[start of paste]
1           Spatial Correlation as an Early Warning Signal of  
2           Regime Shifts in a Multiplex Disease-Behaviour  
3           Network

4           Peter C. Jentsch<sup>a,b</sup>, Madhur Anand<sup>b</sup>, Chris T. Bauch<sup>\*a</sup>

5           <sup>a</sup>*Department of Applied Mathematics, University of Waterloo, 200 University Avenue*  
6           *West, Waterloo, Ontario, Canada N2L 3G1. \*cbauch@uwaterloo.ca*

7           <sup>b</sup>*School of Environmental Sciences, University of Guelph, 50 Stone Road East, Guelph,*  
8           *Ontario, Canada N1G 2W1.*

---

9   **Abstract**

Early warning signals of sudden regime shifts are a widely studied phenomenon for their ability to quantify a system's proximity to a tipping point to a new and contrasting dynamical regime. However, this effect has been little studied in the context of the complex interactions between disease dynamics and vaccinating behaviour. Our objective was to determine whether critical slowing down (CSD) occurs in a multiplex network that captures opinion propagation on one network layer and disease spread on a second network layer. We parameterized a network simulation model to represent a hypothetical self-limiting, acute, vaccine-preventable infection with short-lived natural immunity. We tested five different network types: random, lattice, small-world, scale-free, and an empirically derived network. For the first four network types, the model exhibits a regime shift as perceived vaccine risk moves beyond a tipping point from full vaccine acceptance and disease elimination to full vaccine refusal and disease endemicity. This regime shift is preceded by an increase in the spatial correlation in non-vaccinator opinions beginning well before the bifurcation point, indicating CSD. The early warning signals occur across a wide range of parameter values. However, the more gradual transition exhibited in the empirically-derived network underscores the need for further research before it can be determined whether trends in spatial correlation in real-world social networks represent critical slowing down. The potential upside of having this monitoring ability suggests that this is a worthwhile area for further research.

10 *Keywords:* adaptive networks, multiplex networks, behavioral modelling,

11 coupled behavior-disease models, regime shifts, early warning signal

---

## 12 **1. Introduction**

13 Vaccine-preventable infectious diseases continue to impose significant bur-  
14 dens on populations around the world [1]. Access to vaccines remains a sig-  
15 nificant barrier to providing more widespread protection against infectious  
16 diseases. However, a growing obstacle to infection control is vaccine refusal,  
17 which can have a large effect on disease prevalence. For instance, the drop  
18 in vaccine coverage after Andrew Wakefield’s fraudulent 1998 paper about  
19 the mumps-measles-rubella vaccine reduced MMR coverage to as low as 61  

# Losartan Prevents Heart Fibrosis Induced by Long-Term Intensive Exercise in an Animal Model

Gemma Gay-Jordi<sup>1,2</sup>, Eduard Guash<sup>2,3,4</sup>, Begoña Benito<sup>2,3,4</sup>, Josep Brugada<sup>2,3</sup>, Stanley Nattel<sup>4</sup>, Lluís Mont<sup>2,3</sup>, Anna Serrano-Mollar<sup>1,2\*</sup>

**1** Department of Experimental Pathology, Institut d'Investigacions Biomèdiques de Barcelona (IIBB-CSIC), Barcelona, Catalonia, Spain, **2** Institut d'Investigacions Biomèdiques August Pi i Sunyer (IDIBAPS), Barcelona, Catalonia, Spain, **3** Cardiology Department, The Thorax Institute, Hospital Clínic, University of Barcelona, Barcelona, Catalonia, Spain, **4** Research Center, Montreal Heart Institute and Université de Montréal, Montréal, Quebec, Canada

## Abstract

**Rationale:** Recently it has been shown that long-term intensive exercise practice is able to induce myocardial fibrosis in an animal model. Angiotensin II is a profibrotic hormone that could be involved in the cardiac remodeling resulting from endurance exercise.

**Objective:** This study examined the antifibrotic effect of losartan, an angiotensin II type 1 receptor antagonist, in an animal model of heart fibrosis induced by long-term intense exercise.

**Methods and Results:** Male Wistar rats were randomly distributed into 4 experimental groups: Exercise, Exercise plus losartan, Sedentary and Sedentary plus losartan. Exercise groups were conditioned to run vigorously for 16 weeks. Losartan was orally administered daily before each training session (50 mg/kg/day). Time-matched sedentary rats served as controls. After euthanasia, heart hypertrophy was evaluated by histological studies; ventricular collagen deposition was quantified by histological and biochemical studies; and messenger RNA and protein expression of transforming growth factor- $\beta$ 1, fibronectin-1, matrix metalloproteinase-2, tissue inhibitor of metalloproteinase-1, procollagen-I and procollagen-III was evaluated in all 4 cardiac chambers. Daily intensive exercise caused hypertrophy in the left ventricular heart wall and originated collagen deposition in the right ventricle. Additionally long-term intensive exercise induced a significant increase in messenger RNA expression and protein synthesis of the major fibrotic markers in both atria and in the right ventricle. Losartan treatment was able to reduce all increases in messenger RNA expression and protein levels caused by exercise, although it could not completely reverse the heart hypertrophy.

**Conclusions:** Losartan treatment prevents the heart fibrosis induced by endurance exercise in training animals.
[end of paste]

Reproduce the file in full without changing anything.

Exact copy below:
1           Spatial Correlation as an Early Warning Signal of  
2           Regime Shifts in a Multiplex Disease-Behaviour  
3           Network

4           Peter C. Jentsch<sup>a,b</sup>, Madhur Anand<sup>b</sup>, Chris T. Bauch<sup>\*a</sup>

5           <sup>a</sup>*Department of Applied Mathematics, University of Waterloo, 200 University Avenue*  
6           *West, Waterloo, Ontario, Canada N2L 3G1. \*cbauch@uwaterloo.ca*

7           <sup>b</sup>*School of Environmental Sciences, University of Guelph, 50 Stone Road East, Guelph,*  
8           *Ontario, Canada N1G 2W1.*

---

9   **Abstract**

Early warning signals of sudden regime shifts are a widely studied phenomenon for their ability to quantify a system's proximity to a tipping point to a new and contrasting dynamical regime. However, this effect has been little studied in the context of the complex interactions between disease dynamics and vaccinating behaviour. Our objective was to determine whether critical slowing down (CSD) occurs in a multiplex network that captures opinion propagation on one network layer and disease spread on a second network layer. We parameterized a network simulation model to represent a hypothetical self-limiting, acute, vaccine-preventable infection with short-lived natural immunity. We tested five different network types: random, lattice, small-world, scale-free, and an empirically derived network. For the first four network types, the model exhibits a regime shift as perceived vaccine risk moves beyond a tipping point from full vaccine acceptance and disease elimination to full vaccine refusal and disease endemicity. This regime shift is preceded by an increase in the spatial correlation in non-vaccinator opinions beginning well before the bifurcation point, indicating CSD. The early warning signals occur across a wide range of parameter values. However, the more gradual transition exhibited in the empirically-derived network underscores the need for further research before it can be determined whether trends in spatial correlation in real-world social networks represent critical slowing down. The potential upside of having this monitoring ability suggests that this is a worthwhile area for further research.

10 *Keywords:* adaptive networks, multiplex networks, behavioral modelling,

11 coupled behavior-disease models, regime shifts, early warning signal

---

## 12 **1. Introduction**

13 Vaccine-preventable infectious diseases continue to impose significant bur-  
14 dens on populations around the world [1]. Access to vaccines remains a sig-  
15 nificant barrier to providing more widespread protection against infectious  
16 diseases. However, a growing obstacle to infection control is vaccine refusal,  
17 which can have a large effect on disease prevalence. For instance, the drop  
18 in vaccine coverage after Andrew Wakefield’s fraudulent 1998 paper about  
19 the mumps-measles-rubella vaccine reduced MMR coverage to as low as 61  

# Losartan Prevents Heart Fibrosis Induced by Long-Term Intensive Exercise in an Animal Model

Gemma Gay-Jordi<sup>1,2</sup>, Eduard Guash<sup>2,3,4</sup>, Begoña Benito<sup>2,3,4</sup>, Josep Brugada<sup>2,3</sup>, Stanley Nattel<sup>4</sup>, Lluís Mont<sup>2,3</sup>, Anna Serrano-Mollar<sup>1,2\*</sup>

**1** Department of Experimental Pathology, Institut d'Investigacions Biomèdiques de Barcelona (IIBB-CSIC), Barcelona, Catalonia, Spain, **2** Institut d'Investigacions Biomèdiques August Pi i Sunyer (IDIBAPS), Barcelona, Catalonia, Spain, **3** Cardiology Department, The Thorax Institute, Hospital Clínic, University of Barcelona, Barcelona, Catalonia, Spain, **4** Research Center, Montreal Heart Institute and Université de Montréal, Montréal, Quebec, Canada

## Abstract

**Rationale:** Recently it has been shown that long-term intensive exercise practice is able to induce myocardial fibrosis in an animal model. Angiotensin II is a profibrotic hormone that could be involved in the cardiac remodeling resulting from endurance exercise.

**Objective:** This study examined the antifibrotic effect of losartan, an angiotensin II type 1 receptor antagonist, in an animal model of heart fibrosis induced by long-term intense exercise.

**Methods and Results:** Male Wistar rats were randomly distributed into 4 experimental groups: Exercise, Exercise plus losartan, Sedentary and Sedentary plus losartan. Exercise groups were conditioned to run vigorously for 16 weeks. Losartan was orally administered daily before each training session (50 mg/kg/day). Time-matched sedentary rats served as controls. After euthanasia, heart hypertrophy was evaluated by histological studies; ventricular collagen deposition was quantified by histological and biochemical studies; and messenger RNA and protein expression of transforming growth factor- $\beta$ 1, fibronectin-1, matrix metalloproteinase-2, tissue inhibitor of metalloproteinase-1, procollagen-I and procollagen-III was evaluated in all 4 cardiac chambers. Daily intensive exercise caused hypertrophy in the left ventricular heart wall and originated collagen deposition in the right ventricle. Additionally long-term intensive exercise induced a significant increase in messenger RNA expression and protein synthesis of the major fibrotic markers in both atria and in the right ventricle. Losartan treatment was able to reduce all increases in messenger RNA expression and protein levels caused by exercise, although it could not completely reverse the heart hypertrophy.

**Conclusions:** Losartan treatment prevents the heart fibrosis induced by endurance exercise in training animals.